Four storylines to watch in the women’s NCAA tournament
Baylor, Stanford, UConn and Notre Dame earned No. 1 seeds Monday night when the women's NCAA tournament draw was released. Here are four storylines worth paying attention to once the tournament tips off next week:
1. Will Baylor become the first team ever to go 40-0?
The motivation that has fueled Baylor's 34-0 regular season came from the loss that ended the Bears' championship hopes last March. Top-seeded Baylor lost 58-46 in the Elite Eight to eventual national champion Texas A&M, a Big 12 rival the Bears had beaten three times last season prior to the NCAA tournament and has since defeated three times this season.
What makes Baylor the clear favorite entering the NCAA tournament is the combination of 6-foot-8 national player of the year candidate Brittney Griner and a talented, experienced supporting cast. Already the most dominant defensive presence in women's college hoops, Griner has averaged 23.0 points per game and showcased improved ability to score over either shoulder or pass out of a double team.
Griner's development and the perimeter marksmanship of guard Odyssey Sims has propelled Baylor to its best regular season in school history. In addition to beating the defending national champion Aggies three times, the Bears also defeated fellow No. 1 seeds Notre Dame and UConn and potential Elite Eight opponent Tennessee.
2. If Baylor doesn't win, who will?
The teams with the best chance to deny Baylor's quest for an undefeated season are the other three No. 1 seeds, each of whom are familiar names to even casual women's hoops fans.
Stanford has made four straight Final Fours without winning a championship, so sisters Nneka and Chiney Ogwumike will be trying to put the Pac-12 champion Cardinal (31-1) in position to break that hex. Notre Dame (30-3) fell to Texas A&M in the title game last spring, so point guard Skylar Diggins spearheads the Big East regular season champion Irish's quest to avenge that loss.
[Related: Play Women's Tourney Pick'em | Bracket | Print it out ]
Then there's UConn, which by its lofty standards endured a somewhat pedestrian regular season. The Huskies (29-4) suffered a rare home loss to Saint John's and lost the Big East regular season title to Notre Dame, but they emphatically avenged both of those losses in capturing the conference tournament title, sending a message that they are tournament-ready.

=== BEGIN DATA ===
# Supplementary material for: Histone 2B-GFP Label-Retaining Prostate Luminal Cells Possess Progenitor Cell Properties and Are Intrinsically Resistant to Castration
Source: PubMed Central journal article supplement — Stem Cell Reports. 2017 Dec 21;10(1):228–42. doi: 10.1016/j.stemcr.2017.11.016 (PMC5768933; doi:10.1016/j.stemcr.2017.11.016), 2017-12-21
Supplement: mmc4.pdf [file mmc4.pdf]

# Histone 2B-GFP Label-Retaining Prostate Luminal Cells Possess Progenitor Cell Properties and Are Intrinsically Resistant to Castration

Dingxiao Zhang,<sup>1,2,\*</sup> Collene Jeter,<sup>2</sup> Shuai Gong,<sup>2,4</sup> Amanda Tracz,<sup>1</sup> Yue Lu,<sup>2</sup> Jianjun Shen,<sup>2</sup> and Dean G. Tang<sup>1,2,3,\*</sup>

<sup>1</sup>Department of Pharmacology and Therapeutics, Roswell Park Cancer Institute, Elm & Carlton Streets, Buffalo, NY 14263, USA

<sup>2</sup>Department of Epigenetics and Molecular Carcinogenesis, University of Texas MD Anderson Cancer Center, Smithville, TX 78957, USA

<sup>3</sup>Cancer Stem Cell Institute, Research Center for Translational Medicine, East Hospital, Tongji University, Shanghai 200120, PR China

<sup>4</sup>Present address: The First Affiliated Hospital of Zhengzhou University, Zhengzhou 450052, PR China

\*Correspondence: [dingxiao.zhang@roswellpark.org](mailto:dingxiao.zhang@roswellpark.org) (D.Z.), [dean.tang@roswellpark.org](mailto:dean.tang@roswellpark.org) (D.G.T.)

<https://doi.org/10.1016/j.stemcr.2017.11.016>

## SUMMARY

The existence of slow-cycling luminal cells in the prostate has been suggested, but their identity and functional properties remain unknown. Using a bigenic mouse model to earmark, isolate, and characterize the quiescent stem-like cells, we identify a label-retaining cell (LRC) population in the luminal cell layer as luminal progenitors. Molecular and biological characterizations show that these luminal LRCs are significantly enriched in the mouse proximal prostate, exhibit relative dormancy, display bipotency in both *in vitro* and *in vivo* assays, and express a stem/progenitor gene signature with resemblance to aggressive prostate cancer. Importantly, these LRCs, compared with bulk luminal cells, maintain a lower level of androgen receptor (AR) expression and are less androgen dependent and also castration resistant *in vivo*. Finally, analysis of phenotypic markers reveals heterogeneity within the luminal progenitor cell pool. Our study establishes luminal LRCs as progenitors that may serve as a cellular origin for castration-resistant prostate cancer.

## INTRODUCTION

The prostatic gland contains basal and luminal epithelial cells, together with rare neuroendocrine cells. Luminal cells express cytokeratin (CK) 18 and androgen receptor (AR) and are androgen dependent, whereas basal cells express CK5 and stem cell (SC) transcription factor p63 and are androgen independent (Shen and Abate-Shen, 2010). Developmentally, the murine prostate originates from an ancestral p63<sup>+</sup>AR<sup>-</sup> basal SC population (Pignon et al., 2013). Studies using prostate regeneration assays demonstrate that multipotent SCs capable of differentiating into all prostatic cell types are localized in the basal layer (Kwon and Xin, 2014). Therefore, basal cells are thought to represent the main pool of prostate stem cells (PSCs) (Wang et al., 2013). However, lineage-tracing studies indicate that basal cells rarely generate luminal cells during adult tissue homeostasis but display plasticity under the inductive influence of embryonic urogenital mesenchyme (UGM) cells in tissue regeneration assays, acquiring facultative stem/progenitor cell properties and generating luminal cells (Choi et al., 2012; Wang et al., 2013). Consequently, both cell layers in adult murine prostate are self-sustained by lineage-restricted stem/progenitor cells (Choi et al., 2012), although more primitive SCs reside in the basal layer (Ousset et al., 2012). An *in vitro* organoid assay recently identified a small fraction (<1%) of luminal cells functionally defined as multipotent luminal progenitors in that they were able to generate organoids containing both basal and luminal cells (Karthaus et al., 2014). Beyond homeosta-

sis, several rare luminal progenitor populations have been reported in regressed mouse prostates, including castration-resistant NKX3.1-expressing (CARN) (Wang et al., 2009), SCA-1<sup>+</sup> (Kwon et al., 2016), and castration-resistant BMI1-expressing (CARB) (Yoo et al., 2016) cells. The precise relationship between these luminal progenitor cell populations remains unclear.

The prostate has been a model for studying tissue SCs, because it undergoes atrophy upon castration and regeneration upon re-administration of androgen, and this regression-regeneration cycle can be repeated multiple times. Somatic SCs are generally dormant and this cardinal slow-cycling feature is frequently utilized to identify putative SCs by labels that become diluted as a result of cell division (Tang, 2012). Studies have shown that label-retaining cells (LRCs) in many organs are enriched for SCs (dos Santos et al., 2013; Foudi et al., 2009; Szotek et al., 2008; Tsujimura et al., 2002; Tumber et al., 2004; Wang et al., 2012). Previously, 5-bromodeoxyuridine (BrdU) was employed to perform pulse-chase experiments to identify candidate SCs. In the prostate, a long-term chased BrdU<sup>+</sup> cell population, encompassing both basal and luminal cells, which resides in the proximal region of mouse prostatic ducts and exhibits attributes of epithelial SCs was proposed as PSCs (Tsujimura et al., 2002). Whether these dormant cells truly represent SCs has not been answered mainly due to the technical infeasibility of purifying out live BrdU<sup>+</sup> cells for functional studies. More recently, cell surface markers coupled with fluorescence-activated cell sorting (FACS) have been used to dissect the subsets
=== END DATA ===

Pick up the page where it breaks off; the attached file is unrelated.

3. Can Tennessee return to a Final Four?
If Tennessee is going to fulfill its pledge to Coach Pat Summitt and avoid going four years without a Final Four appearance for the first time in program history, the Vols will have to overcome a difficult draw.
Up first is Summitt's alma mater Tennessee Martin, followed by a potential matchup with seventh-seeded DePaul in front of a likely Blue Demons-heavy crowd in Chicago. If the seeds hold, Tennessee would also have to beat a 30-1 Delaware team that has the nation's leading scorer just to earn the right to challenge national title favorite Baylor in the regional finals.
There's no question Tennessee will be the sentimental favorite this season after Summitt announced in August that she had been diagnosed with early onset dementia, Alzheimer's type. The duo of Shekinna Stricklen and Glory Johnson will be responsible for helping the Vols avoid an upset and earn a shot at Baylor in what would be perhaps the marquee game of the entire tournament.
4. Will high seeds survive difficult geographic draws?
If the primary problem with the selection committee's bracket last season was that Baylor and Stanford had to face a conference opponent for the fourth time in the elite eight, then this year's main issue is the second-round traps set for No. 2 and 3 seeds.
No. 2 Kentucky could face 10th-seeded Iowa State on its home floor, No. 2 Tennessee may draw seventh-seeded DePaul in Chicago and No. 3 St. John's faces a potential road game at No. 6 Oklahoma.
The team with the most to complain about, however, is second-seeded Duke, which was shipped to Nashville instead of playing in Chapel Hill, N.C., a few miles from its campus. The Blue Devils' second-round opponent will either be seventh-seeded Vanderbilt, which went 17-1 at home this season, or 10th-seeded Middle Tennessee State, whose campus is 45 minutes from Nashville.
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